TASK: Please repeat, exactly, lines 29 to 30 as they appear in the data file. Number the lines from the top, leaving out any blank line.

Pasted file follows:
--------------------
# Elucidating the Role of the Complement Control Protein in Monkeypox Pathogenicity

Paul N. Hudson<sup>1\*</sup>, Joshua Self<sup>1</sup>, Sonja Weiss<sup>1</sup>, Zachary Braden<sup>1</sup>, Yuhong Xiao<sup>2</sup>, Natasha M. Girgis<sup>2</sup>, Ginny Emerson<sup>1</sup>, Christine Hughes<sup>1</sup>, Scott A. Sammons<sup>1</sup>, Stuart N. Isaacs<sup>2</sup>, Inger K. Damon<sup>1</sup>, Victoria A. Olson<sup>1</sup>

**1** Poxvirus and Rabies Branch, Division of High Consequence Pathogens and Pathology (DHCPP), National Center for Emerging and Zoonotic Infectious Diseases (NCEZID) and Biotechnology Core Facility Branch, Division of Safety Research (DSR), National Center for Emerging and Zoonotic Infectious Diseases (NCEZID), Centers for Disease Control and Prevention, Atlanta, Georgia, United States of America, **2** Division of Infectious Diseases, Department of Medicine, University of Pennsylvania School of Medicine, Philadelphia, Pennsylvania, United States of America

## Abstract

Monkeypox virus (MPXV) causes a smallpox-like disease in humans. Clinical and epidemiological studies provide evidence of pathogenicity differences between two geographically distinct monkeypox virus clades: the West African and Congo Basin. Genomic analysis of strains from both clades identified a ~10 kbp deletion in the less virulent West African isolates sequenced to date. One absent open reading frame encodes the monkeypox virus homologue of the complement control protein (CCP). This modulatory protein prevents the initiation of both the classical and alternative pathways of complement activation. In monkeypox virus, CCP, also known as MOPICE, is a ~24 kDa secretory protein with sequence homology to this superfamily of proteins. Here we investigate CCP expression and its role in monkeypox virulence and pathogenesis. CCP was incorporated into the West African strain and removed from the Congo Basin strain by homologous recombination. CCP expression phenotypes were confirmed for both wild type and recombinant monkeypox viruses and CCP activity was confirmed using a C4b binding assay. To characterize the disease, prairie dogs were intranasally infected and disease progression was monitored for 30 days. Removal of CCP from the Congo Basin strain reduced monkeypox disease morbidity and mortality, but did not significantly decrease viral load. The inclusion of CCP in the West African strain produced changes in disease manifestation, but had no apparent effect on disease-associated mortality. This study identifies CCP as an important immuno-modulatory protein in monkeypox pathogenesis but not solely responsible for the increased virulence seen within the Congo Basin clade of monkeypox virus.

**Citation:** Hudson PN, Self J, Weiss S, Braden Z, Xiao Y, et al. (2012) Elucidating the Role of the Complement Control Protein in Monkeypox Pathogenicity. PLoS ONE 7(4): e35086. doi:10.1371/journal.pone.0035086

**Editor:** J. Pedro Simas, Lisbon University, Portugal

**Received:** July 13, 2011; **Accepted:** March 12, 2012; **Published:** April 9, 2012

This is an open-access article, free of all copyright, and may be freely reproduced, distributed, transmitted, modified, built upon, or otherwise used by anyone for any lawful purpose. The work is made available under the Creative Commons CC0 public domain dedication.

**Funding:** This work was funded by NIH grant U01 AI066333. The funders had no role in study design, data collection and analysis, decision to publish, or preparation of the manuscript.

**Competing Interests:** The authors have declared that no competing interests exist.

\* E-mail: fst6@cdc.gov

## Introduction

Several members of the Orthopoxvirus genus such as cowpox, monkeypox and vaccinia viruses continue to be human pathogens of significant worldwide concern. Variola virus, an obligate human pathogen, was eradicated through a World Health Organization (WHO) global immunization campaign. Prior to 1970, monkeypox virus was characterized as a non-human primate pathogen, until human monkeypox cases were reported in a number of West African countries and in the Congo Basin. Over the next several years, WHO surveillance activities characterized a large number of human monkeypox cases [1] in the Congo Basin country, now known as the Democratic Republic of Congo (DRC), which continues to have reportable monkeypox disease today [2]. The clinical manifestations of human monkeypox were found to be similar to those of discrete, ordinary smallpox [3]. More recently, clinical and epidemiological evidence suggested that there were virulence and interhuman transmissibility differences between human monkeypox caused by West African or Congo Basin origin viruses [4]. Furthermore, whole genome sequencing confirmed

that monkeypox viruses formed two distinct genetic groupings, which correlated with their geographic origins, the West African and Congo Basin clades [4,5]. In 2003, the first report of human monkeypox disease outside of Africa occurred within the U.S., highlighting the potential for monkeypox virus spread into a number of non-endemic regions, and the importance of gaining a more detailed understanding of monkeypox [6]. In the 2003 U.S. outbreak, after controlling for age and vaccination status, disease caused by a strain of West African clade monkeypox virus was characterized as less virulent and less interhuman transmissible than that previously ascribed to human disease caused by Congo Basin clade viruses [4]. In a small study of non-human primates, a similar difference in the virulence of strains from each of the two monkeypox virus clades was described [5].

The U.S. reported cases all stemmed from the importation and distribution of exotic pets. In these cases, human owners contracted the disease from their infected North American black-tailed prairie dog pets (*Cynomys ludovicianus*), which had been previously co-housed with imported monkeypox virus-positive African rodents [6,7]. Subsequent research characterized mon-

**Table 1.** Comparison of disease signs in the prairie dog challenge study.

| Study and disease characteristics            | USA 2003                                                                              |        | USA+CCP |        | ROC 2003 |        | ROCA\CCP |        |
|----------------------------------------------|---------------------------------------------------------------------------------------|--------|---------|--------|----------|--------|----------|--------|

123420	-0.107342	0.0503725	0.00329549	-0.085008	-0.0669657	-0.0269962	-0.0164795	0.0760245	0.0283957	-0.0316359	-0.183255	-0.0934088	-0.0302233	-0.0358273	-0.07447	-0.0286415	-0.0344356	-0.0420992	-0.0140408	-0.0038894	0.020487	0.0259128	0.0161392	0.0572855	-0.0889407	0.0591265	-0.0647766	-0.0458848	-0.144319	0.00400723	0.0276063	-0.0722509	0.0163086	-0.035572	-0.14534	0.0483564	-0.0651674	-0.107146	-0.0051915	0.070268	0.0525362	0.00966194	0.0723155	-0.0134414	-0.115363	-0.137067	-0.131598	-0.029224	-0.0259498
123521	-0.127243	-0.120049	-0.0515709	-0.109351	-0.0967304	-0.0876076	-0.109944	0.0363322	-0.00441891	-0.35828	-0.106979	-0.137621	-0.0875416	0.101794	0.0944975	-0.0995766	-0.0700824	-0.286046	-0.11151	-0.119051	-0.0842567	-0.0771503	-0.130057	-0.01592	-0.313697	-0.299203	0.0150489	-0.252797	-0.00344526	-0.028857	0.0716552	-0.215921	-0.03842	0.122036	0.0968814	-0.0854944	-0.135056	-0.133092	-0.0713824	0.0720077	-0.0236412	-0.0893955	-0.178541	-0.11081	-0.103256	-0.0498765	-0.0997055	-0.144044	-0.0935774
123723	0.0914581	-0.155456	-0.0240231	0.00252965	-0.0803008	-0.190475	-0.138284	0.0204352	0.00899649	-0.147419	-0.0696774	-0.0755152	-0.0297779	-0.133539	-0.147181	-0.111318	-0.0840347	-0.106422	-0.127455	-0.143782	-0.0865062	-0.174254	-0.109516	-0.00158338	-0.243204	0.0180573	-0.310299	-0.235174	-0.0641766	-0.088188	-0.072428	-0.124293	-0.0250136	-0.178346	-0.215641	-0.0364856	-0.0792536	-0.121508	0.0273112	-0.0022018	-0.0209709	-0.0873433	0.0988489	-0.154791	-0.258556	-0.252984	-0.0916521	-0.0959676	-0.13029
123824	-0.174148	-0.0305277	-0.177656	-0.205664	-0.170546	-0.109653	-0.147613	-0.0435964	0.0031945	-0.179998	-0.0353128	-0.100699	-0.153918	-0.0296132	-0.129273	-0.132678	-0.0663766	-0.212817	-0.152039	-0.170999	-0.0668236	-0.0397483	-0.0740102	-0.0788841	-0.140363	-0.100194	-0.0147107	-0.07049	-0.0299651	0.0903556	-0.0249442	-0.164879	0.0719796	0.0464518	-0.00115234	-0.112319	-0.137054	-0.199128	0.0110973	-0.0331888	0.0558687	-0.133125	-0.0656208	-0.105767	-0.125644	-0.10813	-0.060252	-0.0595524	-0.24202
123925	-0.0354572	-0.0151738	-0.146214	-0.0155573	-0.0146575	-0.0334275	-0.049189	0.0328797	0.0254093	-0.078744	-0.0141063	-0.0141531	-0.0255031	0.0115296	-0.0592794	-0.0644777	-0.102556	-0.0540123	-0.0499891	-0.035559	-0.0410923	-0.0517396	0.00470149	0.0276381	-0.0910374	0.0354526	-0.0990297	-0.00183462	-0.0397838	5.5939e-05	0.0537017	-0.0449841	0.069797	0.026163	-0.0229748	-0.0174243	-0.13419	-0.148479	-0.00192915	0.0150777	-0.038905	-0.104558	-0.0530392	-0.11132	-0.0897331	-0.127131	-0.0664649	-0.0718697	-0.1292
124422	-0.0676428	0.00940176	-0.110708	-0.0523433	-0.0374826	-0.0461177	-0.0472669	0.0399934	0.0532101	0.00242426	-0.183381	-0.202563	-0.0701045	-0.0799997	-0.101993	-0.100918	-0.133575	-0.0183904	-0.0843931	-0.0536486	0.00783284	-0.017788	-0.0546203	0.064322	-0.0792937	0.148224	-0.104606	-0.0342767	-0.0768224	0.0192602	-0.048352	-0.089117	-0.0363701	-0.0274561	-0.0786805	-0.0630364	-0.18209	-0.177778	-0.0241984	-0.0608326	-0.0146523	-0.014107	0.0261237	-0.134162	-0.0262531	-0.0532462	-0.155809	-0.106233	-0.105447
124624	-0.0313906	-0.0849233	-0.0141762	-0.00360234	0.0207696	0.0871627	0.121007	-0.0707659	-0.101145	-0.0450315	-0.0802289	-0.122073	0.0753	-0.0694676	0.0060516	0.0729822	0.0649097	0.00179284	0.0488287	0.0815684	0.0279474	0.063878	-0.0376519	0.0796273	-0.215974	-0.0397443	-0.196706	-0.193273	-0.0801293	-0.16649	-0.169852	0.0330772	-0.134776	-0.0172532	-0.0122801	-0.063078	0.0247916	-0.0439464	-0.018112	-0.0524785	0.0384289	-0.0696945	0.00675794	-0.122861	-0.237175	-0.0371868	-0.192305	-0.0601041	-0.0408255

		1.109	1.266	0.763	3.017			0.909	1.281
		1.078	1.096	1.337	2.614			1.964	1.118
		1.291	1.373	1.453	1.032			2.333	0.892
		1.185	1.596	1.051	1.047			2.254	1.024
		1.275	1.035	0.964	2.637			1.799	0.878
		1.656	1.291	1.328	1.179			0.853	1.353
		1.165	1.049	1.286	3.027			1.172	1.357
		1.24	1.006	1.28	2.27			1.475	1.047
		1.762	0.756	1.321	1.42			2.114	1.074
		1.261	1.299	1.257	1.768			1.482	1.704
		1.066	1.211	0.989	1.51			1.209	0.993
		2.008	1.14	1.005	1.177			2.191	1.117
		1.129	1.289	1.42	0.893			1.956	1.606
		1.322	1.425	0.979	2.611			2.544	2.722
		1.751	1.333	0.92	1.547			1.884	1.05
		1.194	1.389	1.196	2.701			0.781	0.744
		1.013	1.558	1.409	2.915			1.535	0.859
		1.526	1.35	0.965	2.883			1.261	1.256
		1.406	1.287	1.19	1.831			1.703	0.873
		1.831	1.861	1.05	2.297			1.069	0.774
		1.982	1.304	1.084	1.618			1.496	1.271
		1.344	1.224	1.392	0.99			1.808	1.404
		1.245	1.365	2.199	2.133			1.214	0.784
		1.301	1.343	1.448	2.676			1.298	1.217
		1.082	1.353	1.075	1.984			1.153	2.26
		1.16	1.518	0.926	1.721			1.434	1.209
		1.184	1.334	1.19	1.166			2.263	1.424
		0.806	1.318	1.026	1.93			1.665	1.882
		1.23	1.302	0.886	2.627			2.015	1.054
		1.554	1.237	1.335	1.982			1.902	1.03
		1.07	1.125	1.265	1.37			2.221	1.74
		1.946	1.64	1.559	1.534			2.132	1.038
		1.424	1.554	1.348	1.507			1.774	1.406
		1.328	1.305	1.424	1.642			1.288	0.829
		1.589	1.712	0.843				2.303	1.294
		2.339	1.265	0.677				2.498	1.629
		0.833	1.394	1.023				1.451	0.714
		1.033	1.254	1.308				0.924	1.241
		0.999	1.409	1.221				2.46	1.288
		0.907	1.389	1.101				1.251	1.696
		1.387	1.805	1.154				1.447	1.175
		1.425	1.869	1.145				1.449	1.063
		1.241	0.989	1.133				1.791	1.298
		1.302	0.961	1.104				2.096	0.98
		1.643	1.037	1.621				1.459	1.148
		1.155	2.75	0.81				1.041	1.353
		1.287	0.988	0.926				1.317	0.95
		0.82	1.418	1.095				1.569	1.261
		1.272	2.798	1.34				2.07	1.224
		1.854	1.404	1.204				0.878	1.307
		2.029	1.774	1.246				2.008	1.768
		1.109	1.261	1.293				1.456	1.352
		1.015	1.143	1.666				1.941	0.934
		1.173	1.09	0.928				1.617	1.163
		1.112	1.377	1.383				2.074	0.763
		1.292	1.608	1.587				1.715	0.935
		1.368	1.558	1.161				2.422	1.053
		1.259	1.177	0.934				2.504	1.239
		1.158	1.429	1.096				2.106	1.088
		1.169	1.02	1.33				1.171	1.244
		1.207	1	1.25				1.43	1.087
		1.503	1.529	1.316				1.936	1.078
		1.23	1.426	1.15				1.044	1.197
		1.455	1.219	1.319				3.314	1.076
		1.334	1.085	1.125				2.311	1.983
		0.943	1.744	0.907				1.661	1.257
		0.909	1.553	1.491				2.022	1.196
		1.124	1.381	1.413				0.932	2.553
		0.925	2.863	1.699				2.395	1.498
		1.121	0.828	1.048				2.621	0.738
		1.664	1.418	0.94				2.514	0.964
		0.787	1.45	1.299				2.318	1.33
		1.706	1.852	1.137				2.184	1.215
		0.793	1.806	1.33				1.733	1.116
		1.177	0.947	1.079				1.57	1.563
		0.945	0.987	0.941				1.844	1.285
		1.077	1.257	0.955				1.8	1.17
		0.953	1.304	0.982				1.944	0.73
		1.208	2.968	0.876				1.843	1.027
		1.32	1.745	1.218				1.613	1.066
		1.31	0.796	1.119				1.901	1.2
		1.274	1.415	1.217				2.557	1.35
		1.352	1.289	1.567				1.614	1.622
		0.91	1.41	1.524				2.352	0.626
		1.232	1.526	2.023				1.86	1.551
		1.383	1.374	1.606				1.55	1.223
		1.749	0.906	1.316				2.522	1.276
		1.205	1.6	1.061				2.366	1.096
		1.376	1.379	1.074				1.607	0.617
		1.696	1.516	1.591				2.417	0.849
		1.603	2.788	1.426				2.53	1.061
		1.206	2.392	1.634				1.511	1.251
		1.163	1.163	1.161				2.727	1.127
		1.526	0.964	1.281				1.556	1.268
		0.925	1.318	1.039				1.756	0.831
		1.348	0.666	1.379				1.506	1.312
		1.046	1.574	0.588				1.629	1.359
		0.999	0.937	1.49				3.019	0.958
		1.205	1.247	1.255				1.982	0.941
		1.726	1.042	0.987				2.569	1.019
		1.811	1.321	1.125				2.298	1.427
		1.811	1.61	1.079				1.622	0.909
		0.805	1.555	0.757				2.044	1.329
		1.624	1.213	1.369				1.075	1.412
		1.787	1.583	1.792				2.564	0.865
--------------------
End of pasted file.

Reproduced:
		1.291	1.373	1.453	1.032			2.333	0.892
		1.185	1.596	1.051	1.047			2.254	1.024